A small lake used by anglers is located behind the adventure playground, complete with fishing platforms and stocked with bream, common carp, eels, perch, pike and roaches.
A bandstand, home to a series of Sunday afternoon performances by local bands each year, is found near to the Grove Road entrance.
Performances in 2019 run from 6 June to 1 September, starting at 2pm. Don't miss the City of London Brass Band, who are performing on 11 August.
The elaborate Victoria Drinking Fountain, designed by Henry Astley Darbishire for philanthropist Angela Burdett Coutts, is found towards the centre of the east park. This fountain cost £6,000 to build in 1862 (about £500,000 in today's money).
Interesting fact ...
Constructed of pink marble and granite, the Burdett Coutts Fountain served a very practical purpose: to dispense clean drinking water to London's poor (who often drank from the nearby lakes). Today it is surrounded by benches and is a popular spot for wedding photographs!
There's lots to do in Victoria Park: running, playing other sports, eating and drinking, watching wildlife, and learning about the East End's history.
Running and other sports
The circumference of Victoria Park is about 4 kilometres, which can be run on grass or tarmac. For those looking to extend their run, the Well Street Common (to the north of the west park) adds about another kilometre.
For those who take their running seriously, why not attend a meeting of the Victoria Park Harriers & Tower Hamlets Athletics Club, held every Tuesday and Thursday at 7pm. This club dates back to 1926 and has had five Olympians amongst its members.
The park's other sporting attractions include cricket nets, tennis courts, a bowling club, and grass football and cricket pitches.
Other attractions include the various playgrounds for children and hiring a rowing boat or pedalo in summer to make your way around the western park’s boating lake.
Eating and drinking
There are a number of decent food options.
The East Park has The Hub Cafe towards its centre, which serves great baked goods, coffees and light meals. It has recently re-opened, under the management of two local mums, with an emphasis on making a friendly and welcoming communict space. Open 9 am to 5pm, seven days a week.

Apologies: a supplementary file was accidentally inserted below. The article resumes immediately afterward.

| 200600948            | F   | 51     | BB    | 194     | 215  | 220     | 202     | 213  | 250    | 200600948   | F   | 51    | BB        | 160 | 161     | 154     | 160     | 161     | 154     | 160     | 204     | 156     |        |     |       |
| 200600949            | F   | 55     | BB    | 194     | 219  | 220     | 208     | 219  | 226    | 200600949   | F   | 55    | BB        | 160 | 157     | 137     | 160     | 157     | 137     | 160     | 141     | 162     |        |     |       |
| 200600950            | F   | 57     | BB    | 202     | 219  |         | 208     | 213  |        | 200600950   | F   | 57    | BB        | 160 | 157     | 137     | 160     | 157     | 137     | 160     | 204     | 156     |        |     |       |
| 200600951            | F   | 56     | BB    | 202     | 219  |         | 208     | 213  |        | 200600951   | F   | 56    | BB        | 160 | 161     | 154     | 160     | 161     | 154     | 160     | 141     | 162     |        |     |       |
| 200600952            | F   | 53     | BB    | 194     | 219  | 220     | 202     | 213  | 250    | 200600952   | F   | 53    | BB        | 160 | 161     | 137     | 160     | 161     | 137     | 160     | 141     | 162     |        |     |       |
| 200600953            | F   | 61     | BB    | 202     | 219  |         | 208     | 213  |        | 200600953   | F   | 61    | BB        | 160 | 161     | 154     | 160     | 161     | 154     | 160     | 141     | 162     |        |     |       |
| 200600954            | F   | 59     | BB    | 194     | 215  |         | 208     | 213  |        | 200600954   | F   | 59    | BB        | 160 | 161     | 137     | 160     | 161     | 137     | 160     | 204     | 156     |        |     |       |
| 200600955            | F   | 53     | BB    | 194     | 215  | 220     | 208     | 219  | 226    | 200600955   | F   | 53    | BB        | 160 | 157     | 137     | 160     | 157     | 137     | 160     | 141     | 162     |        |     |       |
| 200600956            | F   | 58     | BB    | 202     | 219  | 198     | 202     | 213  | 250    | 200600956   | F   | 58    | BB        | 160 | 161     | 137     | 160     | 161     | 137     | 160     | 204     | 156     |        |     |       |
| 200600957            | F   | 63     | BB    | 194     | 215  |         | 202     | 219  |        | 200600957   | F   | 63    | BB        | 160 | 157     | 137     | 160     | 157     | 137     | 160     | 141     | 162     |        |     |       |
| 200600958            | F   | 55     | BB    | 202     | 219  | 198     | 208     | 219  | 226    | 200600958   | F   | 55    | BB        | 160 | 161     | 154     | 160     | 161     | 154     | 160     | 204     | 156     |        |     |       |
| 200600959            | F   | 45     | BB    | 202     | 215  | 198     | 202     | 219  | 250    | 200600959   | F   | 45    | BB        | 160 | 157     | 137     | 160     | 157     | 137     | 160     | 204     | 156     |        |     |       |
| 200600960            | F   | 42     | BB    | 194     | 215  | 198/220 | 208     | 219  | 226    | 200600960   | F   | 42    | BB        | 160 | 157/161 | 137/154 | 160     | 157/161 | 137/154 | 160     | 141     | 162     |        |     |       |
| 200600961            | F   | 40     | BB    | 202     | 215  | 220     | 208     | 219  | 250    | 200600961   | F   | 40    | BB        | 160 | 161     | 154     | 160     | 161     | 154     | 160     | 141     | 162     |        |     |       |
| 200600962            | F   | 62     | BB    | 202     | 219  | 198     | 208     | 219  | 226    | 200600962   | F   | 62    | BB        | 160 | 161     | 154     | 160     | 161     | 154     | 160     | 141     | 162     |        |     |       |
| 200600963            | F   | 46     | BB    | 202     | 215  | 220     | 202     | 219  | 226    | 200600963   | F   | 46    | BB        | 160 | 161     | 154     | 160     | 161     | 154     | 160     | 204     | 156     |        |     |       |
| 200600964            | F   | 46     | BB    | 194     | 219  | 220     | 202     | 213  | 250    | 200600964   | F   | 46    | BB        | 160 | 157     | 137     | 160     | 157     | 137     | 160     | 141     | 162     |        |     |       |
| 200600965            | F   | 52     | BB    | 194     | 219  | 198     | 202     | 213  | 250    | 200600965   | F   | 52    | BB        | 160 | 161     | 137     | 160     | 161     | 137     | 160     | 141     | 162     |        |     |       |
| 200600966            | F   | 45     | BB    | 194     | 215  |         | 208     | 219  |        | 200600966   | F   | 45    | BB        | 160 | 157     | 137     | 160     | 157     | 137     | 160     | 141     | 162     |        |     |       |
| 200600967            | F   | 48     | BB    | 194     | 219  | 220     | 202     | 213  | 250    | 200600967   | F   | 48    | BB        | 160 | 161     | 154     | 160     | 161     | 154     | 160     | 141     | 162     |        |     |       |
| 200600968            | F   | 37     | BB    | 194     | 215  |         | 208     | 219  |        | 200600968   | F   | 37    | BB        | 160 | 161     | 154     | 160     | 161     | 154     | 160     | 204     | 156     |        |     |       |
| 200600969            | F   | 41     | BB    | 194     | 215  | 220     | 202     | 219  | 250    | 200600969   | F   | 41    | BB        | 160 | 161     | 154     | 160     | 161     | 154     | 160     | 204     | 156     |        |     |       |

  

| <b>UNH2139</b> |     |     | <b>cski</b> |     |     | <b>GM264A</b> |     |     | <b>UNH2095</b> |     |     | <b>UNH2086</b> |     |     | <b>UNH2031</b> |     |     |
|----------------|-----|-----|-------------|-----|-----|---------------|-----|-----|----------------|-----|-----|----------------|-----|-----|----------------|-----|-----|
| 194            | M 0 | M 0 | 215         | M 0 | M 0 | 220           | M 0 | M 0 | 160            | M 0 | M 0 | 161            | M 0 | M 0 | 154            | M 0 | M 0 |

The Pavillion Café offers fantastic organic food, and is particularly known for its breakfasts. There are eggs cooked anyway you like—including eggs Benedict and Florentine. As well as the more usual fare, they offer a superb Sri Lankan breakfast. It isn't cheap. But you are paying for the excellent location, beside Victoria Park's boating lake.
For something a little stronger, try one of the many pubs that border the Park, such as The Crown, the Hemingway (a few minutes away from the park, named after the "scholar, philanderer and seasoned drinker" Ernest Hemingway), the Royal Inn on the Park (which does great Sunday lunches) and the People's Park Tavern (which has its own microbrewery on-site).
Victoria Park's wildlife includes mute swans, grey herons, cormorants, mallards, gadwalls, shovelers, Canada, Greylag and Egyptian geese, mandarin ducks, little grebes, kingfishers, coots, moorhens, black-headed gulls, red-crested pochards and tufted ducks.
Sadly, Victoria Park's deer enclosure was closed in 2013.
Visitors are encouraged to try the Park’s Memoryscape Trail, a podcast which can be downloaded from the Tower Hamlets website. It includes interesting information about the park from local residents, for instance how it was used as a Second World War prisoner of war camp.